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Using your darkest brown (raw umber) and using a clean, dry brush, dab this colour near the roots, up the left, and between the gaps all the way up your tree. Don’t worry too much about colours merging.

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Step 7

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Now’s the time to use the more interesting colours. It may seem a little unusual, but if you truly observe nature you’ll notice the unexpected variety of colours! Using the same brush as in step 6, take a small amount of ochre and dab lightly up the right side of the tree, towards the centre (see below). Unlike with the browns, a more light-handed approach is needed with these more vibrant colours. The aim is to make them blend in naturally, rather than to stand out.  

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Step 8

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Dab the crimson around the root area and up the left hand side of the tree, partly covering some of the darker areas. You just want to give a hint of red.

Step 9

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As with the crimson, the green should be subtle. Think of where you would find moss growing on a tree and lightly dab these areas.

And there you have it – how to paint background trees using oils!

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Having trouble getting your brushes fully clean? No problem, read my review on the best brush cleaners out there! Monthly Review – Paintbrush cleaners

Painting Clouds with oil paints – tutorial

Welcome to my first monthly tutorial! In this post I’ll be showing you how to use water-mixable oil paints to create realistic clouds.

I love using water-mixable oil paints in my work as they’re so wonderfully versatile! I began experimenting with normal oil paints 7 years ago and was somewhat put off by the stubborn nature of the paint – the never quite clean brushes, the lengthy drying time. Then I discovered Reeves water-mixable oils. If you’re on a tight (or student) budget, I can recommend Reeves as a fantastic affordable alternative to the bigger names, such as Winsor & Newton, though I tend to use both as Winsor and Newton offer the benefit of being able to pick individual specific colours, whilst you’ll usually find Reeves in a set. Use Reeves as a ‘starter’ and Winsor & Newton to build on this.

The set is available in The Range and can be found on their website.

Here are some examples of where I’ve used the following technique in my work:

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Above: ‘Moo Shoe’ water-mixable oils. Below: ‘Rush Hour’ Water-mixable oils & gouache. Hanna-Mae Williams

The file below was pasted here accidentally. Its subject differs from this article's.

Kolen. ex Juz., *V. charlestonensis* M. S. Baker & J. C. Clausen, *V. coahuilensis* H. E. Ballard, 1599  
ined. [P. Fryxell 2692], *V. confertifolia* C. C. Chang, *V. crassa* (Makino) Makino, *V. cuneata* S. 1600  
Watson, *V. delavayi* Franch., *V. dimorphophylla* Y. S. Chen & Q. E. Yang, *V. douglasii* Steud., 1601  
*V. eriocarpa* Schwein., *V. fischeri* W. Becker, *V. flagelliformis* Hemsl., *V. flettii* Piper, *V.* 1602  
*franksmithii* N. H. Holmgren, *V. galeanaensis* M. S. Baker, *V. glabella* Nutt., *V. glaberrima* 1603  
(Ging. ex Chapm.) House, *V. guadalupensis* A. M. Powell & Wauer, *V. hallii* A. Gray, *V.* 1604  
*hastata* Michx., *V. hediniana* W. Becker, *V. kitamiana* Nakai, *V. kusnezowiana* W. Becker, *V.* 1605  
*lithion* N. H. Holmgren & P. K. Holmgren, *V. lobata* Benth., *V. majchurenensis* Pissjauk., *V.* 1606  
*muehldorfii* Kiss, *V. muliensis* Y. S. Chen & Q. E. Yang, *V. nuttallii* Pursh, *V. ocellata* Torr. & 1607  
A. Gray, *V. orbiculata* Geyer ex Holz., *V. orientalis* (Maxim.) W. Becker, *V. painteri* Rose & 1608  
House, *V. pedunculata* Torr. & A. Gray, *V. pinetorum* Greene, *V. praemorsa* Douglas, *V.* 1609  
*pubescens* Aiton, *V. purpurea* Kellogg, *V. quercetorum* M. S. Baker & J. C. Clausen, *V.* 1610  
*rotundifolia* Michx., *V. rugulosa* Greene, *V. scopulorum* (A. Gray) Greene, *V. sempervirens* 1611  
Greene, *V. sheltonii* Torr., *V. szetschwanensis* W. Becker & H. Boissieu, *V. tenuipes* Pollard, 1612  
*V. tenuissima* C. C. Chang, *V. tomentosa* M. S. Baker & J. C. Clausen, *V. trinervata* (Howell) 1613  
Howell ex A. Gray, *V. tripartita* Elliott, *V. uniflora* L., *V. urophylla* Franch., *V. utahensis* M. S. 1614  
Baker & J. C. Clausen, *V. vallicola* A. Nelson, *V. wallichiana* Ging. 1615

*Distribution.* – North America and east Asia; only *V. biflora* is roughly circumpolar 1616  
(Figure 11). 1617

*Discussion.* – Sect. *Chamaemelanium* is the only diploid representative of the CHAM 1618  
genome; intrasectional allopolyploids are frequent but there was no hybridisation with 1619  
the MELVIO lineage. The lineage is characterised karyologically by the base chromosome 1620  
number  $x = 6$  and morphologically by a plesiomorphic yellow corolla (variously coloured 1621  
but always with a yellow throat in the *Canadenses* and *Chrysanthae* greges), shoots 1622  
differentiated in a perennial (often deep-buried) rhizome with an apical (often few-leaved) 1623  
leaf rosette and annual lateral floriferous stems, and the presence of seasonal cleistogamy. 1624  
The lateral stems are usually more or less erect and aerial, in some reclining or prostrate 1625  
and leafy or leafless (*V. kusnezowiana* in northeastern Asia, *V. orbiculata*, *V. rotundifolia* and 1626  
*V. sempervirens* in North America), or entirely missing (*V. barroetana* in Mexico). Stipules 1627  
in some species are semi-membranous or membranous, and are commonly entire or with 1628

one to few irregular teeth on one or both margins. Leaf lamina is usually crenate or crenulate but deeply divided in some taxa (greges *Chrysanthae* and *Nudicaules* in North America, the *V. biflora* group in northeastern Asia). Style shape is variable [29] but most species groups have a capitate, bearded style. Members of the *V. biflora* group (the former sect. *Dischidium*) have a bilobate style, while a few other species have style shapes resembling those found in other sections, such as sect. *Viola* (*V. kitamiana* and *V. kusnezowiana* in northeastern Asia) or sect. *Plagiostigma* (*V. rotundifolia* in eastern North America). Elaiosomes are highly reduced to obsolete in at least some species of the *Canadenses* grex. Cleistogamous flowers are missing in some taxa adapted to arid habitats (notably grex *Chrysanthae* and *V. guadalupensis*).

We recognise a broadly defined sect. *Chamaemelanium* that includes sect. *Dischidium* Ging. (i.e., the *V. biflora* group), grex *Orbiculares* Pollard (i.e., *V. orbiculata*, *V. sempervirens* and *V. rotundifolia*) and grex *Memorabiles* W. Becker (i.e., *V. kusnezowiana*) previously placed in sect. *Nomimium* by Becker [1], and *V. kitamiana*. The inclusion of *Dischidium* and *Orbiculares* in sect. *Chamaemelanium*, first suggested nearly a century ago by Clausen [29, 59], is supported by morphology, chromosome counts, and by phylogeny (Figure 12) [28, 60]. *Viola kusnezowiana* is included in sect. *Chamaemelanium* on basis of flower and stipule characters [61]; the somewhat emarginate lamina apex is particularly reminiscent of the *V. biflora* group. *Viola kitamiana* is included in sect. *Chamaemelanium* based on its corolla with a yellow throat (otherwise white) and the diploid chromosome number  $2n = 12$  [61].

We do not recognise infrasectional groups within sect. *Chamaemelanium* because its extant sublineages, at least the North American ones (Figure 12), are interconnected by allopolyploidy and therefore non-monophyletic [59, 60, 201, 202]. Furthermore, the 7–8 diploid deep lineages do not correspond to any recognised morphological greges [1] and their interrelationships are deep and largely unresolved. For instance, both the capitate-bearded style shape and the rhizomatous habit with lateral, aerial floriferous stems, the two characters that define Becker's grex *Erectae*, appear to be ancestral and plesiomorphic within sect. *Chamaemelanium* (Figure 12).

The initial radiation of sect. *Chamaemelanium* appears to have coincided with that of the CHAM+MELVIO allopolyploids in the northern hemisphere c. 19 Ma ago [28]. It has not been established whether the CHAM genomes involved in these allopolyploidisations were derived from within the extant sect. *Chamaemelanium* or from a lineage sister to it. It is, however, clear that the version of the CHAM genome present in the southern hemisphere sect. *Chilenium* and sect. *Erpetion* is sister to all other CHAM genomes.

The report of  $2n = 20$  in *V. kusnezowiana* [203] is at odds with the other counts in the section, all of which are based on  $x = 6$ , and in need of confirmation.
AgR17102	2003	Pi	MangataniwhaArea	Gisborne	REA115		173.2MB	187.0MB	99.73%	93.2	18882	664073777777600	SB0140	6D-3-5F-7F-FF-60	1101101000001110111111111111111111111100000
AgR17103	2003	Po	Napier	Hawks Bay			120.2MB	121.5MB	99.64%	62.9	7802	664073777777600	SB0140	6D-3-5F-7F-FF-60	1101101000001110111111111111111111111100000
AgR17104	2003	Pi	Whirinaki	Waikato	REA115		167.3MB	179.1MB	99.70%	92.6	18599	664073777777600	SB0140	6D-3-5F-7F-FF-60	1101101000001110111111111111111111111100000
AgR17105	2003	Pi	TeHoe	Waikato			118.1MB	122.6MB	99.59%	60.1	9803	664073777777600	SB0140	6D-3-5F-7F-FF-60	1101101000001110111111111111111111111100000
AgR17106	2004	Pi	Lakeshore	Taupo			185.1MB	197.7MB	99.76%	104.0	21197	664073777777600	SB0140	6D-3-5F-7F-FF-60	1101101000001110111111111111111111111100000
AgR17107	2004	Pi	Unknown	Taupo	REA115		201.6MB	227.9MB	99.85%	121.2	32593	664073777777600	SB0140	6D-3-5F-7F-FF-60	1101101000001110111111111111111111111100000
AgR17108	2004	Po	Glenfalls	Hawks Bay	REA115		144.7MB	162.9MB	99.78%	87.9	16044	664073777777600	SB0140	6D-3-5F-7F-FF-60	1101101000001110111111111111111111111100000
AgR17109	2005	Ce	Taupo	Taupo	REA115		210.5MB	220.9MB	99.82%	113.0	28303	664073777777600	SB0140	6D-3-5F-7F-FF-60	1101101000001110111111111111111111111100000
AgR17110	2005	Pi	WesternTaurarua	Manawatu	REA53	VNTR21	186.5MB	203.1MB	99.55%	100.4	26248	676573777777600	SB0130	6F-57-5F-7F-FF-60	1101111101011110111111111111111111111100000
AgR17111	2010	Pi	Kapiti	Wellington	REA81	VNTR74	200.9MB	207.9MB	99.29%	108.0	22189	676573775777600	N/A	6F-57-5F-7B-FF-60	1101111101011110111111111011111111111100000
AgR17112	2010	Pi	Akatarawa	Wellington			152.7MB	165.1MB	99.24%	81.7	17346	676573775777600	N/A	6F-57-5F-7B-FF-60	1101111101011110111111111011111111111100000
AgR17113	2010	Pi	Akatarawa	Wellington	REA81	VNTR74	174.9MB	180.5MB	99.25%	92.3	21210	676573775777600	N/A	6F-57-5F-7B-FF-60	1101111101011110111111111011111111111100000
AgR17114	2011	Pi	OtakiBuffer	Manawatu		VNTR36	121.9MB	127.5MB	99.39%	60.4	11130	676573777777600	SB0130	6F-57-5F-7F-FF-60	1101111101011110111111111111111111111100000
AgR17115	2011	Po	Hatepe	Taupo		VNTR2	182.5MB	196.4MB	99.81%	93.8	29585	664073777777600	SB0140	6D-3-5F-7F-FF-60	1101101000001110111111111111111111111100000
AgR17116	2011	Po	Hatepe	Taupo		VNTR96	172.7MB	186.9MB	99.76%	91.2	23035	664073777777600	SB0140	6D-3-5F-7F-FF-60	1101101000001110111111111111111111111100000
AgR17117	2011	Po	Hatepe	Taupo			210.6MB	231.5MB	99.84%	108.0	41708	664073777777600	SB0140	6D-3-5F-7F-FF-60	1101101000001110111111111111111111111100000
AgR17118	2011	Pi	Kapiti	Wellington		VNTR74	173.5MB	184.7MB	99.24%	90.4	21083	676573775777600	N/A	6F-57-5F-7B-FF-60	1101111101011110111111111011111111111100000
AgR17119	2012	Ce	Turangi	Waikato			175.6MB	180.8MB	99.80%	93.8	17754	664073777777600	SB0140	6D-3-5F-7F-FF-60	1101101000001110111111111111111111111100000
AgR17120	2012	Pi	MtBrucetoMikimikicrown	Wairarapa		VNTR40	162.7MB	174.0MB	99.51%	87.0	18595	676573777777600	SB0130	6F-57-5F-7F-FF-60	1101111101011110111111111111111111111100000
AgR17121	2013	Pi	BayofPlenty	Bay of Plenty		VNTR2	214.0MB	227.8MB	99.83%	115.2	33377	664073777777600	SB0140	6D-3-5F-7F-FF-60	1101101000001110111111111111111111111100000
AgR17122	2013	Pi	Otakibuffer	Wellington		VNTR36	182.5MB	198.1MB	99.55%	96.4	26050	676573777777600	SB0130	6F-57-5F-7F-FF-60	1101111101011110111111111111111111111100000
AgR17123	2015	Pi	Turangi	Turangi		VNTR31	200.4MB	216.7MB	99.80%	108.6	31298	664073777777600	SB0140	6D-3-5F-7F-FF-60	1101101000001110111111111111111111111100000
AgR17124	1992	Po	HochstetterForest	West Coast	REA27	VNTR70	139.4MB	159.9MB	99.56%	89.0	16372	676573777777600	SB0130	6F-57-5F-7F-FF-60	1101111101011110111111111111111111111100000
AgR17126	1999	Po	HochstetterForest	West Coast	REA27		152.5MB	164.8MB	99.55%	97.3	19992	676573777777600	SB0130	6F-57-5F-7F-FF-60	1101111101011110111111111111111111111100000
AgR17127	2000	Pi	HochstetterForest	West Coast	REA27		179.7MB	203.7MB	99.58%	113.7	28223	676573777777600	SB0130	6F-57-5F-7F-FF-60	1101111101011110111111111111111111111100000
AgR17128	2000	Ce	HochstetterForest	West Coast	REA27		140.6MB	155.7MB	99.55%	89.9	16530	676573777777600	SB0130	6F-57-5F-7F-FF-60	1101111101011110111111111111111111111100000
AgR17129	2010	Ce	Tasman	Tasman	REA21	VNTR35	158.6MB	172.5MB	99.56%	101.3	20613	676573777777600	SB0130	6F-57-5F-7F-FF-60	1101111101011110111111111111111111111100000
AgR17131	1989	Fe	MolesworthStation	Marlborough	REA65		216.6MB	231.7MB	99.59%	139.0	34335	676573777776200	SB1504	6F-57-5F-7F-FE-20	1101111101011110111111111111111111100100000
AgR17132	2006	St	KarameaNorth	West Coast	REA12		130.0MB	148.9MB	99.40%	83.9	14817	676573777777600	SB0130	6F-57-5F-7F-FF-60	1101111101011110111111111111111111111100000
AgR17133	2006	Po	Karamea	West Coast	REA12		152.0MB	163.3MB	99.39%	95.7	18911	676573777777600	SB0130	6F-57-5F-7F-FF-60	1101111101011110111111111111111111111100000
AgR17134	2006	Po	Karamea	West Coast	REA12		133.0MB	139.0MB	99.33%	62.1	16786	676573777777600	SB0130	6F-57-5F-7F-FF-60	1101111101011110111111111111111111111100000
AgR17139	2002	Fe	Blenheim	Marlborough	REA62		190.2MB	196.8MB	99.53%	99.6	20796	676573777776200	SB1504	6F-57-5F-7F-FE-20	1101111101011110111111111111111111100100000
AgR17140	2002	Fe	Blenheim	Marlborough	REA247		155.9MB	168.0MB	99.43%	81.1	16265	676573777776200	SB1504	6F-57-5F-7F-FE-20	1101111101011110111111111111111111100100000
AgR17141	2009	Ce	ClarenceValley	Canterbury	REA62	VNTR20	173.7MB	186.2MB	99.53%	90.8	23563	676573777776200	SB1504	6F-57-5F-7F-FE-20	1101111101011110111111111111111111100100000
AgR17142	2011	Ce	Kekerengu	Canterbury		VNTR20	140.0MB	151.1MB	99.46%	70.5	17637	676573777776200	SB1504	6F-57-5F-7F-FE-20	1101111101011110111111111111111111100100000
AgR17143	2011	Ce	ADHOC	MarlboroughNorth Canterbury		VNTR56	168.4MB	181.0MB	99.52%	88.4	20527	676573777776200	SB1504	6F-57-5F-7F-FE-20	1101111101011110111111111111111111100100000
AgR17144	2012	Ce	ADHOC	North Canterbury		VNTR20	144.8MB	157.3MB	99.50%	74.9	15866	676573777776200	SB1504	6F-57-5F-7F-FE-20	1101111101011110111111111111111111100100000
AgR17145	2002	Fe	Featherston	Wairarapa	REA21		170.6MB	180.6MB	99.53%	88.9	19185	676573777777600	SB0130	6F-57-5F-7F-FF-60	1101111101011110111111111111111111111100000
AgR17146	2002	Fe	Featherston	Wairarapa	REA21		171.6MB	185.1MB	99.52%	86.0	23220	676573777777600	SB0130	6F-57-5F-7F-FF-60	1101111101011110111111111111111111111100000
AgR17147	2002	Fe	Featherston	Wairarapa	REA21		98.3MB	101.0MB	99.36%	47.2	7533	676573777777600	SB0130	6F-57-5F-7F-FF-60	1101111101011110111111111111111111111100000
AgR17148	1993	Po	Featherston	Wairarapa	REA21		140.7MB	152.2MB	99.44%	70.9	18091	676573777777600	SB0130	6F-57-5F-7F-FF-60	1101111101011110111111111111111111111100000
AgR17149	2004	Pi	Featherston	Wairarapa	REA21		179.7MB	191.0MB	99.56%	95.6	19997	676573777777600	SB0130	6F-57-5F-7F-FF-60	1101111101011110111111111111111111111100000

Here’s how to do it:

You will need:

  • Water-mixable oil paints in: Lamp black, yellow ochre, burnt umber, raw umber & white
  • Liquin original (available at most art supply stores such as The Range, Hobby Craft etc)
  • Paint brushes
  • Optional: liquid clear oil paint

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step1

You need a base. This technique is all about building up layers. Begin by mixing some white with a little black and add liquin and liquid clear until the mixture is quite loose (oils are usually quite stiff and thick) In this instance we’re making a grey base but once you get the hang of the technique you can alter this. I sometimes use blue.

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step2

Cover your area with your base colour, then add some more black to create a darker tone. Roughly paint the outline of a cloud. You’re going to repeat this shape over your piece.

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step3

You need to add depth to your clouds and now’s the time to stop using liquin. Using a circular dabbing motion, blend some black into the grey of your clouds around the bottom/edges, and introduce some umber.

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step4

Remember this is all about layering. To add dimension we’ll be adding to the background/foreground as we progress.

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step5

If you look at storm clouds they often have a yellowish tinge to them. This is where the yellow ochre comes in. You only need a hint, so dab and blend around the bottom of the cloud/where the clouds meet.

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step6

It’s time to add white. Using a smaller brush, dab and slightly blend around the tops of the more prominent clouds.

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step7

Continue working through the steps until you have the amount of clouds you want. You can use your finger to slightly smudge the clouds – particularly to make the typical ‘cloud’ shape less defined.

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Now make cleaning up easy! Choose the right brush cleaner by reading this review.

 

Clouds